Colwyn, Pennsylvania, is down to just one police officer per shift. Its acting police chief says that the borough council seems to want his department gone. As many as 14 officers moved to leave the Norman, Oklahoma police force after the city council voted to defund their department. A majority of officers left the force in Knightstown, Indiana, including the chief, because “there is no support for the department, no town council backbone for us,” one former officer said.
These aren’t isolated incidents, but part of a wave that has swept the country following nationwide anti-police protests in recent months. Renewed public hostility to cops appears to have worsened a long decline in their numbers, stretching back to the Great Recession. That’s bad news for both public safety and police-community relations: fewer cops likely means both more crime and more police misconduct.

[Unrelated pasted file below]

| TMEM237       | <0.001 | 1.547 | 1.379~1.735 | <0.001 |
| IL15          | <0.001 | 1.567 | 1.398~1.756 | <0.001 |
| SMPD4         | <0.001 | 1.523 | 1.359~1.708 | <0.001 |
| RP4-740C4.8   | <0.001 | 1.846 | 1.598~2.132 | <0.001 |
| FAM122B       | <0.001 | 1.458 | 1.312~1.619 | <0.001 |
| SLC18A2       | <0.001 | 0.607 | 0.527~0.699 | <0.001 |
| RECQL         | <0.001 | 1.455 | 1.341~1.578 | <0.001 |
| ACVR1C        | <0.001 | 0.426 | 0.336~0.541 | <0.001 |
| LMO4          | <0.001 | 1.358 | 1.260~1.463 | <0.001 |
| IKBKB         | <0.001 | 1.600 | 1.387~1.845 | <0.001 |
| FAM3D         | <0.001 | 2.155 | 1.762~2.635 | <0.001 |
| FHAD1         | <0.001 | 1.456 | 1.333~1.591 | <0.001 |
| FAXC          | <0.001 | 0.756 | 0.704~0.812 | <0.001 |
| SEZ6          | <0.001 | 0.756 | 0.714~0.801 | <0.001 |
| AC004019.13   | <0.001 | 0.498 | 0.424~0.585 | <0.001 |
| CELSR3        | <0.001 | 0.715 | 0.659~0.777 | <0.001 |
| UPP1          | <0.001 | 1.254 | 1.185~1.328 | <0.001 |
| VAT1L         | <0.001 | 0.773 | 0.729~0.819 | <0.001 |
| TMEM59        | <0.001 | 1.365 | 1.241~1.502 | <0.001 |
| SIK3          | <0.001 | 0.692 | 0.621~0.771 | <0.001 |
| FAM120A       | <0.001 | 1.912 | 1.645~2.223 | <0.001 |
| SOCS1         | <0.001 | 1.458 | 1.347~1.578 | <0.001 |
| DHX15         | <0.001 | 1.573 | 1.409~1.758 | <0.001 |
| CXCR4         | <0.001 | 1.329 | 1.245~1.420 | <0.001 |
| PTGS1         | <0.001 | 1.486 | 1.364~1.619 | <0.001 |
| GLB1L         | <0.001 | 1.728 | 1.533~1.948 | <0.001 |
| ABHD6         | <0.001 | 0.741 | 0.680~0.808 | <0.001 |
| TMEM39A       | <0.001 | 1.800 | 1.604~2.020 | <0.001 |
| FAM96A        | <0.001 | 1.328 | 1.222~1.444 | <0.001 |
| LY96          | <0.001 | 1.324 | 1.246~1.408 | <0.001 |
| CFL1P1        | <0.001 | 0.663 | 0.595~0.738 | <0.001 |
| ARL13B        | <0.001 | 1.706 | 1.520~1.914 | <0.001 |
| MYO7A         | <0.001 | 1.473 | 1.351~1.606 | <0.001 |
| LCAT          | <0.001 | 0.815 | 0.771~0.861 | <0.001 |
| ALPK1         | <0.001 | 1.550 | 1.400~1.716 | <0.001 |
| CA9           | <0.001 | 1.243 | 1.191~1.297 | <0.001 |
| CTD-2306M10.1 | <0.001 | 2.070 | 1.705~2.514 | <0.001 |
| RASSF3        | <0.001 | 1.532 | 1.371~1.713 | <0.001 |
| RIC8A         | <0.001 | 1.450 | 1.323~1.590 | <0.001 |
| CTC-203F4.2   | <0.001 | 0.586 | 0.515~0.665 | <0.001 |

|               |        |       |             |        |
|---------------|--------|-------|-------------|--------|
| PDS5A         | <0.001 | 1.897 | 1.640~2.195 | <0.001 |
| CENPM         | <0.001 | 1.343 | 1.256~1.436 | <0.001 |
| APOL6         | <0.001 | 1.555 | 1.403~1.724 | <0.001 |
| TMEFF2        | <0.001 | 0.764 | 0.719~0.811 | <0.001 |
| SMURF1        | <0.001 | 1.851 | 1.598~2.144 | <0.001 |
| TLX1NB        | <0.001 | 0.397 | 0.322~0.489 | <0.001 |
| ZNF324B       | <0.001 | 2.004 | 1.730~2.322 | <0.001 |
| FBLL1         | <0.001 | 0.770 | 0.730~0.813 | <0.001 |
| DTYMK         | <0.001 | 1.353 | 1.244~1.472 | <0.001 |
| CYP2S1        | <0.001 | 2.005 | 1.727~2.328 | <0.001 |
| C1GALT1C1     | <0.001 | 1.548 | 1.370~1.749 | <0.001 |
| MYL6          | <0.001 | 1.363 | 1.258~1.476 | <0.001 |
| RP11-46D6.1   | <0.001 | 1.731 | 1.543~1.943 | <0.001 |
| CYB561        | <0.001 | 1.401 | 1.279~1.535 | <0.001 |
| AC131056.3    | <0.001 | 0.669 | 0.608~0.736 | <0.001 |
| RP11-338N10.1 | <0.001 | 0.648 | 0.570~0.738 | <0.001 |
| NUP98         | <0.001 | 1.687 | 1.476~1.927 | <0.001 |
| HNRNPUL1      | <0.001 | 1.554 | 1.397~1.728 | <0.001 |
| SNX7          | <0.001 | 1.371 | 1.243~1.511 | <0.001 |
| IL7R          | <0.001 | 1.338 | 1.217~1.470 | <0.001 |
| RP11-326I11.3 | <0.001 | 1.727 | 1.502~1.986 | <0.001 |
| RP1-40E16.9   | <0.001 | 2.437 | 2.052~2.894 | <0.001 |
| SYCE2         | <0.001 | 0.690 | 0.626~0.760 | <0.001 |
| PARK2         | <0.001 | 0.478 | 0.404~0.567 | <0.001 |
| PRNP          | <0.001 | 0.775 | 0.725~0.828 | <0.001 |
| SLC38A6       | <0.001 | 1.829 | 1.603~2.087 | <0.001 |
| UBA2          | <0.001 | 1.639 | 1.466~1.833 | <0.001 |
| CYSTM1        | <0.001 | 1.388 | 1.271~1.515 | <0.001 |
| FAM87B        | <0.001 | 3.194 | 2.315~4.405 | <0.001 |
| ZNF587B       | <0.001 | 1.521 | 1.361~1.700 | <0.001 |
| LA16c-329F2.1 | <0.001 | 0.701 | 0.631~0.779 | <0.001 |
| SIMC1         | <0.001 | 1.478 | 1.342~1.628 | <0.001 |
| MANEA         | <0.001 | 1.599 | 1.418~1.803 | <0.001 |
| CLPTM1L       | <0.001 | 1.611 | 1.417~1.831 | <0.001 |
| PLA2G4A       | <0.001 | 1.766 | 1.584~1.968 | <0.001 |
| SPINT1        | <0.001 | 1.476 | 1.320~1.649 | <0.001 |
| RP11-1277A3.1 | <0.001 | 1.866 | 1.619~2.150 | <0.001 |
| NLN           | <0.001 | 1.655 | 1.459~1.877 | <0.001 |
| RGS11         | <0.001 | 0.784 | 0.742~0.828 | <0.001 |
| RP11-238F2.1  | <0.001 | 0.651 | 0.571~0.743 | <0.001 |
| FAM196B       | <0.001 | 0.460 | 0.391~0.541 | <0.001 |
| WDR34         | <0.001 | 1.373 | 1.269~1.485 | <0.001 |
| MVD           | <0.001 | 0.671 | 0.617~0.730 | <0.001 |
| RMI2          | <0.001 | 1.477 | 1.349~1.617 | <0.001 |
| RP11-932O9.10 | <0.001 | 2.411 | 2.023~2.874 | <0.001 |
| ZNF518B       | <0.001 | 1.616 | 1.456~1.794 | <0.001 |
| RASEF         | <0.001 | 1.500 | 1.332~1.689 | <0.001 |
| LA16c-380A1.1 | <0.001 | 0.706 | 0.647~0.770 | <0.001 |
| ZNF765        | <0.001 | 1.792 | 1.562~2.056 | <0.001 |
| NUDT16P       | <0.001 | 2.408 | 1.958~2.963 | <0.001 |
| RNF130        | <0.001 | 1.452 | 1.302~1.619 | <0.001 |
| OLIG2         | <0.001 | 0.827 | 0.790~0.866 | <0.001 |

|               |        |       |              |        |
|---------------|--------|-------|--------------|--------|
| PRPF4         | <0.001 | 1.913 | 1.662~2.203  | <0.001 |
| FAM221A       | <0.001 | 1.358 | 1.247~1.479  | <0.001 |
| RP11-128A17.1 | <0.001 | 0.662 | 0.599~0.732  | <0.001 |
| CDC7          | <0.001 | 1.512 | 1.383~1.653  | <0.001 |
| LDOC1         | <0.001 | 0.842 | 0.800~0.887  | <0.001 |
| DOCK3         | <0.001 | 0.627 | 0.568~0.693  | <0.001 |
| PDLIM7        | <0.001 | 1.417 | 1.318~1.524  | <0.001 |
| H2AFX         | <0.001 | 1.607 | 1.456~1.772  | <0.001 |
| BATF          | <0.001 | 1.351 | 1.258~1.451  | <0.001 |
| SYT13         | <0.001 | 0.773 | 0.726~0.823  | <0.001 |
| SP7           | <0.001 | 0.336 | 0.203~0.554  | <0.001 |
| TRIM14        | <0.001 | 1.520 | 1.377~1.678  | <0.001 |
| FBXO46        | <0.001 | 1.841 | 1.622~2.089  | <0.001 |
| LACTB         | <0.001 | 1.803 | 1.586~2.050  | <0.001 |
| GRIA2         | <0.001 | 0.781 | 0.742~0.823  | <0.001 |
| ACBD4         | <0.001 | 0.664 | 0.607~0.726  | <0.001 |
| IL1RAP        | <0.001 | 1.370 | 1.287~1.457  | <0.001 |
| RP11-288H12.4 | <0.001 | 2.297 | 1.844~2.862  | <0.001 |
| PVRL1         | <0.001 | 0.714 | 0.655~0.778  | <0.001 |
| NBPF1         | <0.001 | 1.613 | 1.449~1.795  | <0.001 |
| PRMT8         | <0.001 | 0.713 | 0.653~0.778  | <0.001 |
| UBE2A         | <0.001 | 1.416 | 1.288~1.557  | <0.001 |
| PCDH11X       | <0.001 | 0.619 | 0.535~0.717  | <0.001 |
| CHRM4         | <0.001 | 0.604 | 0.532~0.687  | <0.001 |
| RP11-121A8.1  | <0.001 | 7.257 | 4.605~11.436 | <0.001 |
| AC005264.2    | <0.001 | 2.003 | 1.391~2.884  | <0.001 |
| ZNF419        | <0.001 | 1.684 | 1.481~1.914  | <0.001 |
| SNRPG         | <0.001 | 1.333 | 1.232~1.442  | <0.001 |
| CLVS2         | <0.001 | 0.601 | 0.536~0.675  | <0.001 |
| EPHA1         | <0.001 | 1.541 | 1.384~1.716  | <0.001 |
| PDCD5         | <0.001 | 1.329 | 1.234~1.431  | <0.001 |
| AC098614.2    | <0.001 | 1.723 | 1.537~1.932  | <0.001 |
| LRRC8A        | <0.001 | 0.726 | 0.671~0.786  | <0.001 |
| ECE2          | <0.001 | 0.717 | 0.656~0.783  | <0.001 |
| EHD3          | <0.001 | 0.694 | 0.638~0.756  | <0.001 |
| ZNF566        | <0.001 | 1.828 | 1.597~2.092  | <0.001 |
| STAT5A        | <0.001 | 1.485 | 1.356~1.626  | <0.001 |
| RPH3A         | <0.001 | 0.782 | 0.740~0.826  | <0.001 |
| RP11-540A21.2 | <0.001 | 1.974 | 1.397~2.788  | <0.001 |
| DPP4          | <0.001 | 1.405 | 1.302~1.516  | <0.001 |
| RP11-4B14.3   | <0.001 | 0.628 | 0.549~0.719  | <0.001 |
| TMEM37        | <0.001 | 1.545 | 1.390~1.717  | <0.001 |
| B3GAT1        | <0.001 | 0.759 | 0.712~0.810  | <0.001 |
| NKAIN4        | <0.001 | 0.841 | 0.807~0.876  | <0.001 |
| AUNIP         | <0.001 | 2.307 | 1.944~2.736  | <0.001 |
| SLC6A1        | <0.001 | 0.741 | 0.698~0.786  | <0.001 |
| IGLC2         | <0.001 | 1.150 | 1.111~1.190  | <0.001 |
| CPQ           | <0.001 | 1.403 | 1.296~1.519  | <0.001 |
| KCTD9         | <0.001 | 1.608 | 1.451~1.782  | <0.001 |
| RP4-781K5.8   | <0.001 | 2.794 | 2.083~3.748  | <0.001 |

The attrition is not limited to small towns. A survey of news stories indicates that across America’s 50 largest cities, at least 23 have seen chiefs or line officers resign, retire, or take disability this year. Nearly 3,700 beat cops have left, a large proportion from the NYPD (down 7% of its officers) but with big drops in Chicago, Minneapolis, Milwaukee, Atlanta, and elsewhere, too. The Major Cities Chiefs Association told the Wall Street Journal that 18 of its 69 member executives had retired, resigned, or been fired over the past year.
This piece was adapted from City Journal